The weakest form of democracy promotion is rhetorical pressure by publicly exposing and denouncing certain practices and developments or by calling for an election and other boycotts. This form is weak because it is not sure that this pressure will affect the situation at all - especially if a government controls the public sphere and can thereby block the potential reception and impact of this exposure. Such a form of democracy promotion is almost always admissible. However, one might question the general and possibly changing role of the media in political communities; this means the fact that the media themselves are important political powers and that access to them and to public deliberation is distributed very differently. Moreover, the media can also contribute to the fragmentation of public discourse with the effect of major difficulties for procedures of common will formation (Sunstein 2007).

Often a middle form of democracy promotion is practiced by international and regional organizations, like the EU, but also by single states in the negotiation of trade agreements, etc. Here, the prospect of membership and the accompanying advantages or economic support is tied to the development and maintenance of democratic institutions and procedures. These forms of democracy promotion by political conditionality were often quite successful because they are not openly intrusive, but appeal to the egoistic interests of the states, rulers and societies in question.16 Nevertheless, they cannot exclude that democratization is perceived to be imposed or that states take a strategic stance toward the requirements.

One can conclude generally that most forms of democracy promotion, even intrusive forms, can be admissible. Given the interconnectedness of the world, states interact all the time - and they interact in ways that have consequences for their political orders. If forms of democracy promotion are inadmissible, this depends on further aspects and considerations that are not necessarily tied to this promotion.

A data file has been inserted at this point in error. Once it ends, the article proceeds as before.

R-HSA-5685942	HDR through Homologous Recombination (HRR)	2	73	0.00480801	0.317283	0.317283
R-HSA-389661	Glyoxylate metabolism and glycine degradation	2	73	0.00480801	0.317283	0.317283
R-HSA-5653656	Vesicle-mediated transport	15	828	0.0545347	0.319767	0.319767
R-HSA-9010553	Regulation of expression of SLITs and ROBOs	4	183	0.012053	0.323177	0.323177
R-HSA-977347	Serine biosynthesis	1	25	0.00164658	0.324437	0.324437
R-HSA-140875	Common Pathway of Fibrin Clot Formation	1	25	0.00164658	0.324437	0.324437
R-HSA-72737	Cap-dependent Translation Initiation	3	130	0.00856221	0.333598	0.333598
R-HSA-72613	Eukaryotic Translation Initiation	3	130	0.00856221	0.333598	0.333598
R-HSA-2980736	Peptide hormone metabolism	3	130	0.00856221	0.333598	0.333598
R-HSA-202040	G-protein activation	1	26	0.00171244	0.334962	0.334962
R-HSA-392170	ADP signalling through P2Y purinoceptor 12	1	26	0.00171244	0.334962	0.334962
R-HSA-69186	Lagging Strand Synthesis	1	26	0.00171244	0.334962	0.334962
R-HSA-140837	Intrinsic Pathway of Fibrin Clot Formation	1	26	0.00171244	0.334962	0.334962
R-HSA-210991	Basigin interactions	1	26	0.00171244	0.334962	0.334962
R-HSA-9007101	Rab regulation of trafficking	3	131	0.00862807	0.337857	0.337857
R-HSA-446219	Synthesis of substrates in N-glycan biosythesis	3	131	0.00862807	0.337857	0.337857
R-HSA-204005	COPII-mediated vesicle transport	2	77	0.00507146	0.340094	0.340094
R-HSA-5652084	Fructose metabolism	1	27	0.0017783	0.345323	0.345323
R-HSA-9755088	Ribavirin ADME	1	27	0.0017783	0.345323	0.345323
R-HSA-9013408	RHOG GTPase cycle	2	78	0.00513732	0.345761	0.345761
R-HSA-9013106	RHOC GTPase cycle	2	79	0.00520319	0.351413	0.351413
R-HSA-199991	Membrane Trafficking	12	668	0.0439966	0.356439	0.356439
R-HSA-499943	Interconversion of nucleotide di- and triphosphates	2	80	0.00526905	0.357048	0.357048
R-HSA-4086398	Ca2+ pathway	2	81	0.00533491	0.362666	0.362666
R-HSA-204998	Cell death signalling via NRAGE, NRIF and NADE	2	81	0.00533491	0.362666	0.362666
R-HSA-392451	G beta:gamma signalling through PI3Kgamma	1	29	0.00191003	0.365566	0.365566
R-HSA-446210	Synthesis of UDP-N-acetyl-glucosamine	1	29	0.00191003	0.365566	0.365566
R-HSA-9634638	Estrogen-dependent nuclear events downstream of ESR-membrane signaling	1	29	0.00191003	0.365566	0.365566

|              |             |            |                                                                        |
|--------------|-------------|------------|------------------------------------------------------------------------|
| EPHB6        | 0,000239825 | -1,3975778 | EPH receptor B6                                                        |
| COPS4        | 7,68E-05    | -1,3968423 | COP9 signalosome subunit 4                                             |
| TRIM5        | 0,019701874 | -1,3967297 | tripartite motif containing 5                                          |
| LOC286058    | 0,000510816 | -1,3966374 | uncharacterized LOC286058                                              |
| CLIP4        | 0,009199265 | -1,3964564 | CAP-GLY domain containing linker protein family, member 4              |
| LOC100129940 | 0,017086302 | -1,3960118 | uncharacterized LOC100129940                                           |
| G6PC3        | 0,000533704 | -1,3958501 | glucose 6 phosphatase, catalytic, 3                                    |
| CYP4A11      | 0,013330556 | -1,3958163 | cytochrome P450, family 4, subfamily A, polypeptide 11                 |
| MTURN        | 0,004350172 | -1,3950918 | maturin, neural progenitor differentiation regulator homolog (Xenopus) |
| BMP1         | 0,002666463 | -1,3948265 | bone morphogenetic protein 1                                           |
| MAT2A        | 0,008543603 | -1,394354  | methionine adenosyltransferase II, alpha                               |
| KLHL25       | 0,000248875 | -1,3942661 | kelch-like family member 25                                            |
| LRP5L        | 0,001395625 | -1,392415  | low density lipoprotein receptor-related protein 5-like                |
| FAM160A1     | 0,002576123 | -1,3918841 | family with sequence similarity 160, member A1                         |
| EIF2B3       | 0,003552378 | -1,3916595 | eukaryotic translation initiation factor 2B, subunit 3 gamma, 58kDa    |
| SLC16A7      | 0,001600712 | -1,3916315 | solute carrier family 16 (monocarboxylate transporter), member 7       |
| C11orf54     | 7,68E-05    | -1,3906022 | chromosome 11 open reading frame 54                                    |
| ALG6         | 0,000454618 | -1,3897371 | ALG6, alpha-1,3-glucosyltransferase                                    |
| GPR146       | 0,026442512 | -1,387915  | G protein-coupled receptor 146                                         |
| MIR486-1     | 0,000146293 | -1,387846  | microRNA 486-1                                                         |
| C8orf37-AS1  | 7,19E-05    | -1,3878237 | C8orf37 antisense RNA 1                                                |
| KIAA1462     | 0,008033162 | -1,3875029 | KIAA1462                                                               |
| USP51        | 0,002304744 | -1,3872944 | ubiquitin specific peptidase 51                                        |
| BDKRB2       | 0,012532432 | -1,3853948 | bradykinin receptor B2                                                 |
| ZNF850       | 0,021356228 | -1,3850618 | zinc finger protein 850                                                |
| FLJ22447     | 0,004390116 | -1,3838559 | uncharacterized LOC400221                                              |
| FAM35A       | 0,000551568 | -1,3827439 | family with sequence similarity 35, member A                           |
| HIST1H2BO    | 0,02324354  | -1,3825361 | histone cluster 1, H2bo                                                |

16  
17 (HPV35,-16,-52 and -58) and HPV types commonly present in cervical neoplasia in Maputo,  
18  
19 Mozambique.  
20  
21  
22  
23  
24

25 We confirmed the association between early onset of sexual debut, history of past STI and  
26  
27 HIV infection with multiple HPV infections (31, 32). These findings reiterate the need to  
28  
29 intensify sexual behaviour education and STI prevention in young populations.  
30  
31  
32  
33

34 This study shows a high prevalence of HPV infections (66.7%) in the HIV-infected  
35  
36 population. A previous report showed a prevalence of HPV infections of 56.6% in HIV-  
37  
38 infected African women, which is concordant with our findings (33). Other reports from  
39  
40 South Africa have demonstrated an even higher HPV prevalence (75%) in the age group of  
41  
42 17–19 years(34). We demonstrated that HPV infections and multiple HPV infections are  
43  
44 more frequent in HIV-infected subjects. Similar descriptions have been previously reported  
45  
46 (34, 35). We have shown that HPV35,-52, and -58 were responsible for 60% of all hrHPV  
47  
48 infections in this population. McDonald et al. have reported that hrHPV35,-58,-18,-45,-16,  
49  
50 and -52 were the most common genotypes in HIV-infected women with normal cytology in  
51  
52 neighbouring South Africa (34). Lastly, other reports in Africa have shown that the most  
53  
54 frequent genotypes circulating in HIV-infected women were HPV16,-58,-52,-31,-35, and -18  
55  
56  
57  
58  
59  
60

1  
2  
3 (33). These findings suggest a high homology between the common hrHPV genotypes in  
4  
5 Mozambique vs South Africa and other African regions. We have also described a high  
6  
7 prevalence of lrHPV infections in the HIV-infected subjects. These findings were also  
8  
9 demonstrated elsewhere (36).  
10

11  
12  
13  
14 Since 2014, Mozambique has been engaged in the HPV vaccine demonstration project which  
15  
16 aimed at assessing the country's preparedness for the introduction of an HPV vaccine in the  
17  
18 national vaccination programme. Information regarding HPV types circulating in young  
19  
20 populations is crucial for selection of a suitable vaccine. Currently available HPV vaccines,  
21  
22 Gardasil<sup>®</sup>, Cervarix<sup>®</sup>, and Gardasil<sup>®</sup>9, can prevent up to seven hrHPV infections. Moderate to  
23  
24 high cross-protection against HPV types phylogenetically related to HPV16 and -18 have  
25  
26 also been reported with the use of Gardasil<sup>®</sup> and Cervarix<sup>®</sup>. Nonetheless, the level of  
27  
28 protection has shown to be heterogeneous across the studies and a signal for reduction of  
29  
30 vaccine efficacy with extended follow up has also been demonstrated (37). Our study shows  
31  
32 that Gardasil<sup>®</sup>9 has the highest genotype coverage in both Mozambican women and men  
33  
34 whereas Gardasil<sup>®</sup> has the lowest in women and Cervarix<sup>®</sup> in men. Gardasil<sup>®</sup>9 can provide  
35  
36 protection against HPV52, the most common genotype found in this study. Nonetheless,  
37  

Can the promotion of democracy in other states ever be desirable or even required?

So far I have argued that it is difficult to conceive of a meaningful human right to democracy, but that duties to respect the forms of government and political order in other societies or states depend on their ability to demonstrate that they are not dominating and express the will of those living in them. There is no general duty to refrain from promoting democracy (where democracy is not a specific political order, but the existence of a non-dominating system expressing the will of those living in it), even though its admissibility depends on further considerations of specific cases - particularly considerations of the future of a sustainable democratic order in the given case.17 However, if there is no human right to democracy (this means no strict duty to realize such an entitlement or claim), why should persons, states or more particularly democracies care about the promotion of democracy abroad? Even if it might be admissible to promote democracy, this could still mean that one should or need not do so - especially if there are good reasons why the (democratic) success of such interferences into other political systems will always depend on factors beyond the reach of those interfering and which might sometimes be very difficult to understand, recognize or predict. It will often be hard to answer the question of whether some group is really fighting for democracy and not rather for some particular political or religious project or just to gain power - and many experiences with democratic revolutions (for instance the recent developments in Egypt or Tunisia) show that groups might ultimately be more likely to fight for their own power than for the democratization of the state or society.